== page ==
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Treatment of Open Proximal Femoral Fractures Sustained in Combat
Andrew W. Mack, MD1; Brett A. Freedman, MD2; Adam T. Groth, MD3; Kevin L. Kirk, DO4; John J. Keeling, MD1; Romney C. Andersen, MD1
1 Walter Reed National Military Medical Center, 8901 Wisconsin Avenue, Bethesda, MD 20889. E-mail address for A.W. Mack: amack2@caregroup.harvard.edu
2 Landstuhl Regional Medical Center, AE, 09180-0402
3 Tripler Army Medical Center, 1 Jarrett White Road, Honolulu, HI 96859-5000
4 Brooke Army Medical Center, 3551 Roger Brooke Drive, San Antonio, TX 78234
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Investigation performed at Walter Reed Army Medical Center, Washington, D.C., and National Naval Medical Center, Bethesda, Maryland

Disclaimer: The views expressed in this article are those of the authors and do not reflect the official policy of the Department of the Army, the Department of the Navy, the Department of Defense, or the United States Government. This work was prepared as part of their official duties and, as such, there is no copyright to be transferred.



Disclosure: None of the authors received payments or services, either directly or indirectly (i.e., via his or her institution), from a third party in support of any aspect of this work. One or more of the authors, or his or her institution, has had a financial relationship, in the thirty-six months prior to submission of this work, with an entity in the biomedical arena that could be perceived to influence or have the potential to influence what is written in this work. No author has had any other relationships, or has engaged in any other activities, that could be perceived to influence or have the potential to influence what is written in this work. The complete Disclosures of Potential Conflicts of Interest submitted by authors are always provided with the online version of the article.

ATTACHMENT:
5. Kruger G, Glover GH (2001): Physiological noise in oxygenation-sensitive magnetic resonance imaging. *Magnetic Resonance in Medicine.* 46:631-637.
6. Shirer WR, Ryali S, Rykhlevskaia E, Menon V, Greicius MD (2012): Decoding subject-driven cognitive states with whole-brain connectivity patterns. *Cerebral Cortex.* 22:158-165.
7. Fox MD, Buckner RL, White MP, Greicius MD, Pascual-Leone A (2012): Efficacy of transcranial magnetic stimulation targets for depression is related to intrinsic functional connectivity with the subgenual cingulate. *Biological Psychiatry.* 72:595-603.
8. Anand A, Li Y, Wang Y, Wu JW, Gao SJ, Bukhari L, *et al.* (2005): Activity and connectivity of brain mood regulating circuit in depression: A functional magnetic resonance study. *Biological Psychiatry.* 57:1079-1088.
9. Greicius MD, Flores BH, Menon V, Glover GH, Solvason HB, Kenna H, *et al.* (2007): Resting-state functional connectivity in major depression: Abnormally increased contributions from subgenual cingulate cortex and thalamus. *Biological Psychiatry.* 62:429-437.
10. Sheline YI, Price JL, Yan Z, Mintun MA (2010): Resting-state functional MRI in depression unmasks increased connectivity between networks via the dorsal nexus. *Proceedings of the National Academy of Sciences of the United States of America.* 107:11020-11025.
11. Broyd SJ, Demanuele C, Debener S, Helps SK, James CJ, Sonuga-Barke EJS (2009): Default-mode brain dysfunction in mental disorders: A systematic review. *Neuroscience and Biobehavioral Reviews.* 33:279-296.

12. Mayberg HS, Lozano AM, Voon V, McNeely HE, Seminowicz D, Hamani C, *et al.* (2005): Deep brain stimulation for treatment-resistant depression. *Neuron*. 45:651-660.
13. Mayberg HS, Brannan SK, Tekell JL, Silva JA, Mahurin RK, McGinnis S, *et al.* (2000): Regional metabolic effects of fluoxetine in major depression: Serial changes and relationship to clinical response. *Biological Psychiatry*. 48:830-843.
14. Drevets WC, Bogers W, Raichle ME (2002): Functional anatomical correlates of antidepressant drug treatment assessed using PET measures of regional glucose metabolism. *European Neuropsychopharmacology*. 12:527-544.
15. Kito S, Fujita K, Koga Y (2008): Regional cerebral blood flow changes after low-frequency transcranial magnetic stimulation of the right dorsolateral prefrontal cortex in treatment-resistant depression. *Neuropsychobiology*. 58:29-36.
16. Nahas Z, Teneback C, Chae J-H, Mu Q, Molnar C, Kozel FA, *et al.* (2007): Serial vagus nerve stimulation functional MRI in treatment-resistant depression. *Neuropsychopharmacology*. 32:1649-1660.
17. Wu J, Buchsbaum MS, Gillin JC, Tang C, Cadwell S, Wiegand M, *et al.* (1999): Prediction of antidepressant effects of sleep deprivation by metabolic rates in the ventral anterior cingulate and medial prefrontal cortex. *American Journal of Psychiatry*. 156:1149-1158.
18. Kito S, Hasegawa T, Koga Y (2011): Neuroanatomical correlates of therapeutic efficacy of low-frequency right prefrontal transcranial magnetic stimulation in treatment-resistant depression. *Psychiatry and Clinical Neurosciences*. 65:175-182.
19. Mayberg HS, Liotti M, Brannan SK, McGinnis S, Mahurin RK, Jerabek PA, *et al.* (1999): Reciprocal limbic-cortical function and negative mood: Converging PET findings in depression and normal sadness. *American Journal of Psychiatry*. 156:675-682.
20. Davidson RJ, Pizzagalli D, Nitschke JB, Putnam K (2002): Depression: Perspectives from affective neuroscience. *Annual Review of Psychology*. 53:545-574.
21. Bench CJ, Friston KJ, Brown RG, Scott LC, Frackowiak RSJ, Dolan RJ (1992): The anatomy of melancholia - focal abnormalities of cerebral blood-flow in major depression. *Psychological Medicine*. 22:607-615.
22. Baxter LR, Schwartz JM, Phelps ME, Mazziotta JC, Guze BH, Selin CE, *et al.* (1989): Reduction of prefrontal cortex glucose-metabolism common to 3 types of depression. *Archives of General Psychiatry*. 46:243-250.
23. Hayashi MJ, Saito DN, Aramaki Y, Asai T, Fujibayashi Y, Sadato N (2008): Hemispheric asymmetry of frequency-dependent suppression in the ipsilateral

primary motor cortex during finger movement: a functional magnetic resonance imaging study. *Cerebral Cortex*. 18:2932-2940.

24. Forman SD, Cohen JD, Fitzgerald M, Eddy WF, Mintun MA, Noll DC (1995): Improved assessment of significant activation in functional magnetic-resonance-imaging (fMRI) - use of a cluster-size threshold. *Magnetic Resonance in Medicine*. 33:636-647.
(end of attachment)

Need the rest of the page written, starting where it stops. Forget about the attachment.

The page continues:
Copyright © 2013 by The Journal of Bone and Joint Surgery, Inc.
J Bone Joint Surg Am, 2013 Feb 06;95(3):e13 1-8. doi: 10.2106/JBJS.K.01568
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Abstract

Background: 

Open proximal femoral fractures are rare injuries that often result from wartime high-energy causes. Limited data exist regarding the treatment and complications of these injuries.

Methods: 

We retrospectively reviewed the records of combat casualties treated at two institutions between March 2003 and March 2008. The casualty patient databases, medical records, radiographs, and laboratory data were reviewed to determine time to union, complication rates, and patient outcomes.

Results: 

Forty-one patients (thirty-nine men and two women) with a mean age of 25.7 years were identified as receiving treatment for open proximal femoral fractures. The mechanisms of injury for these forty-one patients were blast (twenty-nine patients [71%]), gunshot wound (eight patients [20%]), motor vehicle crash (three patients [7%]), and helicopter crash (one patient [2%]). There were thirty Type-IIIA, six Type-IIIB, and five Type-IIIC open fractures. The predominant method of definitive fixation was a cephalomedullary or reconstruction nail in thirty-four patients (83%). Thirty-nine patients had at least two years of follow-up data available for assessment of complications and radiographic union. The mean time to union was 5.1 months (range, 2.8 to 16.0 months). Complications requiring reoperation occurred in twenty-two (56%) of thirty-nine patients. Wound infection (twelve patients [31%]) and symptomatic heterotopic ossification (ten patients [26%]) were the most common complications.

Conclusions: 

Cephalomedullary nail fixation of open Type-III wartime subtrochanteric and pertrochanteric femoral fractures can be reliably used to effect fracture union in a timely manner. The most frequent complications of treatment are wound infection and symptomatic heterotopic ossification.

Level of Evidence: 

Therapeutic Level IV. See Instructions for Authors for a complete description of levels of evidence.

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    Accreditation Statement
    These activities have been planned and implemented in accordance with the Essential Areas and policies of the Accreditation Council for Continuing Medical Education (ACCME) through the joint sponsorship of the American Academy of Orthopaedic Surgeons and The Journal of Bone and Joint Surgery, Inc. The American Academy of Orthopaedic Surgeons is accredited by the ACCME to provide continuing medical education for physicians.
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